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Shadowbrook: A Novel of Love, War, and the Birth of America

Shadowbrook: A Novel of Love, War, and the Birth of America Cover

 

Synopses & Reviews

Publisher Comments:

The Los Angeles Times called Beverly Swerling's City of Dreams "a near-perfect historical novel." Now, in Shadowbrook, set against the backdrop of the famously bloody French and Indian War, Swerling once again tells a gripping, multilayered story of colonial America that will captivate both new readers and admirers of her critically acclaimed earlier novel.

1754. In a low-lying glen in the Ohio Country, where both the French and the English claim dominion, the first musket ball fired signals the start of the savage seven-year conflict destined to dismantle France's overreaching empire and pave the way for the American Revolution. It is here that Swerling introduces a cast of unforgettable characters: Quentin Hale, the fearless gentleman-turned-scout the Indians call Red Bear; Cormac Shea, the part-Irish, part-Indian woodsman with a foot in both worlds, sworn to drive every white man from Canada; and the beautiful Nicole Crane, who, struggling to reconcile her love for Hale and her calling to the convent, becomes a pawn in the British quest for territory.

Quentin and Cormac were raised as brothers on Shadowbrook, a prosperous plantation in the northern wilderness whose fertile land, worked by slaves, sits between Hudson's River and the Adirondack Mountains. Though fiercely devoted to each other, they often find themselves on opposite sides of a fight, but not in this war, or in the struggle to wrest control of Shadowbrook from Quentin's depraved older brother.

From Iroquois longhouses to the elegant rooms of Shadowbrook, from the virgin forests of the frontier to the cobbled streets of Québec, Swerling weaves a tale of passion and intrigue, faith and devotion, courage and betrayal.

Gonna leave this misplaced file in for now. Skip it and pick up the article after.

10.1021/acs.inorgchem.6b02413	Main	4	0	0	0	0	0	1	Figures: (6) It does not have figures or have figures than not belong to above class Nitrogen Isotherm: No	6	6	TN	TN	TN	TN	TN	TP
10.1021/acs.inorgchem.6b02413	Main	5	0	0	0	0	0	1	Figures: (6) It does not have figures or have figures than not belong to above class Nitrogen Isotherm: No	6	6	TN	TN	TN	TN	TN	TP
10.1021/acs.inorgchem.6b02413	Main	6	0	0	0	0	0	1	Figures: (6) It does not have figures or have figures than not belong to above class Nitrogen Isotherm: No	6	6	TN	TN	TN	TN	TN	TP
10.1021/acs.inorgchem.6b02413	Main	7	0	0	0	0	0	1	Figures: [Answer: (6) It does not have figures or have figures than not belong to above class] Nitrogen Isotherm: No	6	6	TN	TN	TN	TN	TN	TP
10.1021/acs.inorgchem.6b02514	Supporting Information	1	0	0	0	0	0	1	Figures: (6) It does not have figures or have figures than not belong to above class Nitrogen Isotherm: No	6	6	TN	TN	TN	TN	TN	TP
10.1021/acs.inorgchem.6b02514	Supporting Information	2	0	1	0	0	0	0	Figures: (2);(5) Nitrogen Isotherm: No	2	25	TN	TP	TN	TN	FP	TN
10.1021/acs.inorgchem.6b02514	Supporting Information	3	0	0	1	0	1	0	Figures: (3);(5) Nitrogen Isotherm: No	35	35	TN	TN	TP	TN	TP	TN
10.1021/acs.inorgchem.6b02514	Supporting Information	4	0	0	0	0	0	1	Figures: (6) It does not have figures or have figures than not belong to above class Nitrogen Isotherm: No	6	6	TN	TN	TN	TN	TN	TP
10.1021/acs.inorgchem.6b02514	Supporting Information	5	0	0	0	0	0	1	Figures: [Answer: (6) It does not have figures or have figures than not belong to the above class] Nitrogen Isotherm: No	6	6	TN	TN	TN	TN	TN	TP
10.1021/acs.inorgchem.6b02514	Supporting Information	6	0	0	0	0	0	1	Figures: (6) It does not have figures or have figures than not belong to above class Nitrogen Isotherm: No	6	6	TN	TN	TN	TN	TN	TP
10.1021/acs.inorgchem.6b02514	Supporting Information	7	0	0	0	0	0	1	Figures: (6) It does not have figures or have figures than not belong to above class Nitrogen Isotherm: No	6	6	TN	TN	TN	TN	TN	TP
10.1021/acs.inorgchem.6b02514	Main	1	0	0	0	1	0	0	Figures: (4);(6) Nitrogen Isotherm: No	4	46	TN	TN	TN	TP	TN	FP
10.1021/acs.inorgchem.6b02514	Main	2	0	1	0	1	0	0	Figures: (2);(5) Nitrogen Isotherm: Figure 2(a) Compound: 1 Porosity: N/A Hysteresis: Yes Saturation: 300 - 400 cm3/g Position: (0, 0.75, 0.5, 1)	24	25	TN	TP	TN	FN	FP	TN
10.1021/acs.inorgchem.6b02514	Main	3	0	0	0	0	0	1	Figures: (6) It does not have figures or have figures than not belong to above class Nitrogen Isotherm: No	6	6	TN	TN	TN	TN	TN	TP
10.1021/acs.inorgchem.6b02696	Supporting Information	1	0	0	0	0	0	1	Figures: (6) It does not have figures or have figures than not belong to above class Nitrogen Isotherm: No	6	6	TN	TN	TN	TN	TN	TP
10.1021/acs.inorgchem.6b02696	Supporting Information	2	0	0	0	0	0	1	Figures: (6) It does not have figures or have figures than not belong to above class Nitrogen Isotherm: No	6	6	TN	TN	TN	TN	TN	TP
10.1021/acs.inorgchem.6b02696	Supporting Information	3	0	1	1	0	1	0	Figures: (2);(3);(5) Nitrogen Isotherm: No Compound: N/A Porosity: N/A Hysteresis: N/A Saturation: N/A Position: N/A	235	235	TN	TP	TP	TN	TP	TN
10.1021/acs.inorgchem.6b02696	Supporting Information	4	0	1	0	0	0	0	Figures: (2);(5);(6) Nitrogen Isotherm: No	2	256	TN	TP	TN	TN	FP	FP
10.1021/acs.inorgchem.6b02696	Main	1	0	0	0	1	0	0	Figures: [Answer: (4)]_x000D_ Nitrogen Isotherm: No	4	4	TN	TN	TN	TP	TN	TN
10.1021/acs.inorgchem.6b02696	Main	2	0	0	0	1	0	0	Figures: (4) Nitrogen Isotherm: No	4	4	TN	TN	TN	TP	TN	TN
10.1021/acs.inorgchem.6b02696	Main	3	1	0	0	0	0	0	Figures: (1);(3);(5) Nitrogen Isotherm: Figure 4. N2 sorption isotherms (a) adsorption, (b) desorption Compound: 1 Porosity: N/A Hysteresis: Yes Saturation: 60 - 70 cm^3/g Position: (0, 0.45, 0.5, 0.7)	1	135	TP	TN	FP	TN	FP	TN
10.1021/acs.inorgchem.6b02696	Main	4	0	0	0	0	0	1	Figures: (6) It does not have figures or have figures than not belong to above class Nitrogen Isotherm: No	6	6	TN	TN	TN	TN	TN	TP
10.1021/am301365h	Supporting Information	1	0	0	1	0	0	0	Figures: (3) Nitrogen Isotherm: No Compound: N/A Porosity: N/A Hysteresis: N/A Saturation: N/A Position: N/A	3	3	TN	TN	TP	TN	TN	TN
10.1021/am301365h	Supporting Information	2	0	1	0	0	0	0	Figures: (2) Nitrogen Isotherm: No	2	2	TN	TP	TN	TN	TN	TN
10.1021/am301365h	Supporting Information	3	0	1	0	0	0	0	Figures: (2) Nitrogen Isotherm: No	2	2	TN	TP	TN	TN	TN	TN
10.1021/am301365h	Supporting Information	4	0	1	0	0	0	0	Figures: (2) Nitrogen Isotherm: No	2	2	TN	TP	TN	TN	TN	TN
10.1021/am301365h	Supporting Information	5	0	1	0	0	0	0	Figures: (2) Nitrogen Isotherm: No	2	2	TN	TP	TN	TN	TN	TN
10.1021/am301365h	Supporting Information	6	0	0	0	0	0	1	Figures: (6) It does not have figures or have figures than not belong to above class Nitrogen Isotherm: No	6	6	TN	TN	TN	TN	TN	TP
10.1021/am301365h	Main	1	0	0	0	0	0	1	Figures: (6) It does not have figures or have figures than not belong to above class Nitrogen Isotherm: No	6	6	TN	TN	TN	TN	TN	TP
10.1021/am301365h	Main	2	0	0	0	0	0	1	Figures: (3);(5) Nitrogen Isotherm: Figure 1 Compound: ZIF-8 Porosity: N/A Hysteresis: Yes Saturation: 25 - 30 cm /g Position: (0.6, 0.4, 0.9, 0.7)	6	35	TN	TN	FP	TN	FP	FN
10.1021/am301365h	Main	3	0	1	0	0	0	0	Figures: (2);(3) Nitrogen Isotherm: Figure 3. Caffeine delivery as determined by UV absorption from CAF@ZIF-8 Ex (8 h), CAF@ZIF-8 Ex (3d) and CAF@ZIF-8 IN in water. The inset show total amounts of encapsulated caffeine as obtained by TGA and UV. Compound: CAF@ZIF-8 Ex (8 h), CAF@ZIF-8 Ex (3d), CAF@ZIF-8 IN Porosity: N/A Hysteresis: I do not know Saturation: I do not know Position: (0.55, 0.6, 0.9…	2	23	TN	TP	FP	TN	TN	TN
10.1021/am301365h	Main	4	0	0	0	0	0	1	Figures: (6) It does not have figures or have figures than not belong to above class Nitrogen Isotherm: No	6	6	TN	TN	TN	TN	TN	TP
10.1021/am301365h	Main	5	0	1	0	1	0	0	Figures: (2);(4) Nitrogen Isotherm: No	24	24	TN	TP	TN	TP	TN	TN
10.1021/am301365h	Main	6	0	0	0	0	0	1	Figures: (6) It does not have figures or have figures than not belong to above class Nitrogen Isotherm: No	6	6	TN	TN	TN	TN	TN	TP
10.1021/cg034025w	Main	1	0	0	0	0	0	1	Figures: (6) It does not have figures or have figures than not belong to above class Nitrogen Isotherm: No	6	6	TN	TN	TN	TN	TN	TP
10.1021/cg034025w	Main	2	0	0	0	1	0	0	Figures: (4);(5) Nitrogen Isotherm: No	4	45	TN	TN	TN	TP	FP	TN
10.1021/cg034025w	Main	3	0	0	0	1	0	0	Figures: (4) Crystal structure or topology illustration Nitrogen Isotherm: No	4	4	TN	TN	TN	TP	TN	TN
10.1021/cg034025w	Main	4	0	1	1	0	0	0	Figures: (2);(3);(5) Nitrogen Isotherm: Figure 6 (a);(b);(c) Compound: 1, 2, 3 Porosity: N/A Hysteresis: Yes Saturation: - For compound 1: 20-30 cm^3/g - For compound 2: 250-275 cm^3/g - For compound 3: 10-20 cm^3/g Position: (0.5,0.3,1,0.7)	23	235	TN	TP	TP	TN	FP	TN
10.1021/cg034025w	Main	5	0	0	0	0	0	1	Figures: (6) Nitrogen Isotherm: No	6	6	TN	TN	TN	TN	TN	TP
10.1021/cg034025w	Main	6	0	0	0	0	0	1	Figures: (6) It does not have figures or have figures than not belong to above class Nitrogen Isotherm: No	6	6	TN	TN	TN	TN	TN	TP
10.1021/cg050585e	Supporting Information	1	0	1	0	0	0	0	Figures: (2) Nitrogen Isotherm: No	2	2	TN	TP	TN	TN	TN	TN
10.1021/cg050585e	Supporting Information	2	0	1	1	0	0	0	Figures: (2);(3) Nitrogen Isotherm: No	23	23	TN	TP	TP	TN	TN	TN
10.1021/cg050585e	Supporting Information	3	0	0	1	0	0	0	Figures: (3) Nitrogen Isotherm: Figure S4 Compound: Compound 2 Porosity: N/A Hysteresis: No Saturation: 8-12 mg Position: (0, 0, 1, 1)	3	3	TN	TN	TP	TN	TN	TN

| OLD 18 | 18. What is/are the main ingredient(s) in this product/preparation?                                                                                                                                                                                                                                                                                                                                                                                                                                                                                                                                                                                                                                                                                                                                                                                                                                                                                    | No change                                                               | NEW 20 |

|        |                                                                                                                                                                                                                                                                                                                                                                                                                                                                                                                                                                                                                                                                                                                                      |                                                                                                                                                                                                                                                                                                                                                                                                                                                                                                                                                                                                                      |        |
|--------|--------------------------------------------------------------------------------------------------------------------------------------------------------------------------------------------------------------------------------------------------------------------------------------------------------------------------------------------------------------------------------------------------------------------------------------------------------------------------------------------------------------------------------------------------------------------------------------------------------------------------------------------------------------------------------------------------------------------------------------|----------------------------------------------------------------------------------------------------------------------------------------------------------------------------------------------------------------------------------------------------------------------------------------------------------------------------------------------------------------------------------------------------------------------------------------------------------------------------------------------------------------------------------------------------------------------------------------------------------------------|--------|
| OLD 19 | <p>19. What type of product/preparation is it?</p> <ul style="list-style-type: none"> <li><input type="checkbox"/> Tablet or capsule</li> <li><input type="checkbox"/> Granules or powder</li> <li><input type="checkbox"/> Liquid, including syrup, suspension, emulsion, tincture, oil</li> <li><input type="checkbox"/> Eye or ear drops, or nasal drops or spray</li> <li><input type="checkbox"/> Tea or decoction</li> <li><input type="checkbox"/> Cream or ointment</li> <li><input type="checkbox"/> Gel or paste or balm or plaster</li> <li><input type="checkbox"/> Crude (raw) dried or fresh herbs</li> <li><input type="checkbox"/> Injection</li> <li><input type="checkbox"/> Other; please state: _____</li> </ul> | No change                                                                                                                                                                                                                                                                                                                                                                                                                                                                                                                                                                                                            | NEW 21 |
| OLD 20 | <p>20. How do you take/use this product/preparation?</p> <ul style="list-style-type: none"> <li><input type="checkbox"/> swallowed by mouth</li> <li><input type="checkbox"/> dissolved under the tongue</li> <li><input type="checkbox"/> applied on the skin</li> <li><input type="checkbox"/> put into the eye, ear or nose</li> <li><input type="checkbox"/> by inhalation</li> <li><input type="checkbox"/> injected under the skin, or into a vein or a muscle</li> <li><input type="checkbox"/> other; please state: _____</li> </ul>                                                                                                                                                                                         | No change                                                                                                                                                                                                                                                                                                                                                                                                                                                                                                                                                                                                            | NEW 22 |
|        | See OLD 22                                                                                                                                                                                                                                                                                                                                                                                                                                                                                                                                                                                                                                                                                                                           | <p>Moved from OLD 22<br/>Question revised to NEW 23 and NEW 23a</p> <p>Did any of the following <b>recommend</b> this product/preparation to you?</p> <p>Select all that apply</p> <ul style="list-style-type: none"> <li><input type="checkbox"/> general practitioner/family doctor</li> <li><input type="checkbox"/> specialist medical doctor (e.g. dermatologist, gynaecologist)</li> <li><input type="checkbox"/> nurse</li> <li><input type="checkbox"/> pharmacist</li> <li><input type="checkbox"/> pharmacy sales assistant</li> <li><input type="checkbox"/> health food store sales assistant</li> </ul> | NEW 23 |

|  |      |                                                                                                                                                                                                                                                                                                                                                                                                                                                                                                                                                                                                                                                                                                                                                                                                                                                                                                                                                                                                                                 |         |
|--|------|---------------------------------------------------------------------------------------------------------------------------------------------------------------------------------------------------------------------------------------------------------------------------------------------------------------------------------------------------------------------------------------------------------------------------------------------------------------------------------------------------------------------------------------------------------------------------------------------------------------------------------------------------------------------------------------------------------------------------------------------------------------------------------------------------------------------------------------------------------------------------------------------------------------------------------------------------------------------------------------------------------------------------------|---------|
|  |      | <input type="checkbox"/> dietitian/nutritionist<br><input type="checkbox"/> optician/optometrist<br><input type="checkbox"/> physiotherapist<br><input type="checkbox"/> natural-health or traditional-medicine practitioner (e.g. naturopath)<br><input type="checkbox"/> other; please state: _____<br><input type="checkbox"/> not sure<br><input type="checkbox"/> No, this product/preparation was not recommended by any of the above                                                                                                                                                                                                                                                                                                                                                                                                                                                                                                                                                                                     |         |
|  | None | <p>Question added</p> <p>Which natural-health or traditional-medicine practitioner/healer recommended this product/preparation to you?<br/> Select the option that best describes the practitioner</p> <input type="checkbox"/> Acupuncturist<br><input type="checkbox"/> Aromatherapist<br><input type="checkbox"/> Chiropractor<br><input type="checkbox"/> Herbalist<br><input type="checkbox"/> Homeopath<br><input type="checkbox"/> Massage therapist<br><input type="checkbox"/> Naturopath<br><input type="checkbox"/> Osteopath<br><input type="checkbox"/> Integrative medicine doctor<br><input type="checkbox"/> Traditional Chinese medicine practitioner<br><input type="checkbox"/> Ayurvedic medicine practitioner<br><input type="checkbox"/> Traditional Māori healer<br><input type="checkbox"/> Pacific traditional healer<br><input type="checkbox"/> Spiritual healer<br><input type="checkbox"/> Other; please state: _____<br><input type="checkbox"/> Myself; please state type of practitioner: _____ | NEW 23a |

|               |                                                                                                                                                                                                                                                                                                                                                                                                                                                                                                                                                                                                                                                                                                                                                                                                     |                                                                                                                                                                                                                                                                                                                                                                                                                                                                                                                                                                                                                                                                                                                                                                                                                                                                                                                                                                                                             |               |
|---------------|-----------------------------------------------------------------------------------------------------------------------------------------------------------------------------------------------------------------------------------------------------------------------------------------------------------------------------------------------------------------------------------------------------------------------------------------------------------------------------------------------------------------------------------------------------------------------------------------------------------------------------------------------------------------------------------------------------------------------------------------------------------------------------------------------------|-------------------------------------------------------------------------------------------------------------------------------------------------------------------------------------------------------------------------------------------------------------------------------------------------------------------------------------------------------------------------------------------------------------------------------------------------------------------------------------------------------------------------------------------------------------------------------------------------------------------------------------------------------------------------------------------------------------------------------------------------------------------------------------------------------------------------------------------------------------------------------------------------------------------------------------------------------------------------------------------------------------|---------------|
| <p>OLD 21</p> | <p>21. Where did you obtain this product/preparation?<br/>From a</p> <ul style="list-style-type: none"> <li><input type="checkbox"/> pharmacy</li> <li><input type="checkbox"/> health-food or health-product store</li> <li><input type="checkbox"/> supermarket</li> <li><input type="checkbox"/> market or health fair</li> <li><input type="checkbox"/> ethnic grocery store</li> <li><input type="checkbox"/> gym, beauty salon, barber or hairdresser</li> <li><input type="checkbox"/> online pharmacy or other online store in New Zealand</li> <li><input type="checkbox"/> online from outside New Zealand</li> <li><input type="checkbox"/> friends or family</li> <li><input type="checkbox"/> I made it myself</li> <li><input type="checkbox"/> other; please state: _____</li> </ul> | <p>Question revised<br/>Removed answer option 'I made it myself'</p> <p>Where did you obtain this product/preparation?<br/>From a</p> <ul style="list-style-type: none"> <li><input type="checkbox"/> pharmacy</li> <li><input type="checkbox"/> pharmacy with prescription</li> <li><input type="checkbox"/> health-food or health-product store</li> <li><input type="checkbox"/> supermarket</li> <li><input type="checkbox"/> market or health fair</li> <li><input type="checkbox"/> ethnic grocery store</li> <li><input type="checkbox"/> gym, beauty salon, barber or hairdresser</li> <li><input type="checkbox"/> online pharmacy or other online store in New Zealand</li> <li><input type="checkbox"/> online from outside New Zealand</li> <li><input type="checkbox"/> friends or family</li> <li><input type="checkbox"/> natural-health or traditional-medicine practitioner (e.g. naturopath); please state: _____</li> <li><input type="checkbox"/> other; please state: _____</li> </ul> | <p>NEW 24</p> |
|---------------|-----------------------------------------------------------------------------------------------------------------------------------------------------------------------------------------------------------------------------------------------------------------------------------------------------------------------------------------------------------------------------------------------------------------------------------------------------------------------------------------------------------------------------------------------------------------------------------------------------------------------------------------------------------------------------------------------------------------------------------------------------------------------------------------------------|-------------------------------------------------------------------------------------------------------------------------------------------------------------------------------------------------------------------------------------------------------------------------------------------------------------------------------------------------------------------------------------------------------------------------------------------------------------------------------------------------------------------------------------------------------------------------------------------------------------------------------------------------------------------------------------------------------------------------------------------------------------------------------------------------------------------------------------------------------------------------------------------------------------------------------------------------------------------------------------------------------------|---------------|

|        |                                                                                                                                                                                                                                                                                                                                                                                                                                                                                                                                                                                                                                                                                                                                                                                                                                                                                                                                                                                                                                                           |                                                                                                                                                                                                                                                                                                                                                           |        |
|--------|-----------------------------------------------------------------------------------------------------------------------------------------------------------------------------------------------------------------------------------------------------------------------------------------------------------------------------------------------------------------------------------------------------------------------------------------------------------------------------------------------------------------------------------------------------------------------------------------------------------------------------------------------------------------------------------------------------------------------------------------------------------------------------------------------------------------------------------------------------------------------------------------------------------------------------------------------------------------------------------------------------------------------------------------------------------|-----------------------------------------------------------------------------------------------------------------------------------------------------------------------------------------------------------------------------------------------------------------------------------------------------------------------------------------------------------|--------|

Peopled by historical figures including a young George Washington, the fabled Ottawa chief Pontiac, and the legendary generals Wolfe and Montcalm, this richly textured novel vividly captures the conflict that ignited the eighteenth century and presaged our nation's quest for independence. But it is through Swerling's powerfully drawn characters — the ordinary men and women living in a world on the brink of astonishing change — that this novel comes searingly alive. A classic in the making, Shadowbrook is a page-turning tale of ambition, war, and the transforming power of both love and duty.

Review:

"Swerling's sweeping fictional account of the French and Indian War rivals Harold Coyle's 1997 novel, Savage Wilderness, in its masterful treatment of the hardship, brutality and treachery of America's colonial wars. Covering the years 1754 — 1760, with the British, French and Indians slaughtering each other for king and empire, Swerling tells of two men who straddle the white and red man's worlds, desperate to preserve the best of each culture, but fearful they will lose everything they love. Quentin Hale is a gentleman turned scout whose family owns a prosperous New York plantation called Shadowbrook. He is white, but also follows the Indian ways of his adopted tribe, the Potawatomi. Cormac Shea is part-Irish and part-Indian, nearly a brother to Hale, but he wants all whites driven from Canada. Together these men find themselves caught up in a bloody war neither wants, but they must fight to save the plantation and create a homeland for the Indians. Hale faces treachery at home from his sadistic and greedy elder brother, John; from a scheming one-eyed Scot; and from lying, corrupt politicians who want to steal his legacy; he also has an Indian enemy who wants to cut out his heart. Hale and Shea fight in many battles, mostly massacres, from Louisbourg and Fort William Henry to the climactic battle at Quebec. Surrounding them are colorful historical figures like the young George Washington, the hapless General Braddock and the powerful Ottawa chief, Pontiac. Swerling also cleverly reveals the arrogant influence of the Catholic Church in politics, the duplicity of governmental promises and the forced migration of Acadians from Nova Scotia. The complexity of the history involved may daunt some readers, but most will be captivated by Swerling's intricate plot, colorful characters and convincing descriptions of colonial life. Agent, Henry Morrison (Mar.)" Publishers Weekly (Copyright 2004 Reed Business Information, Inc.)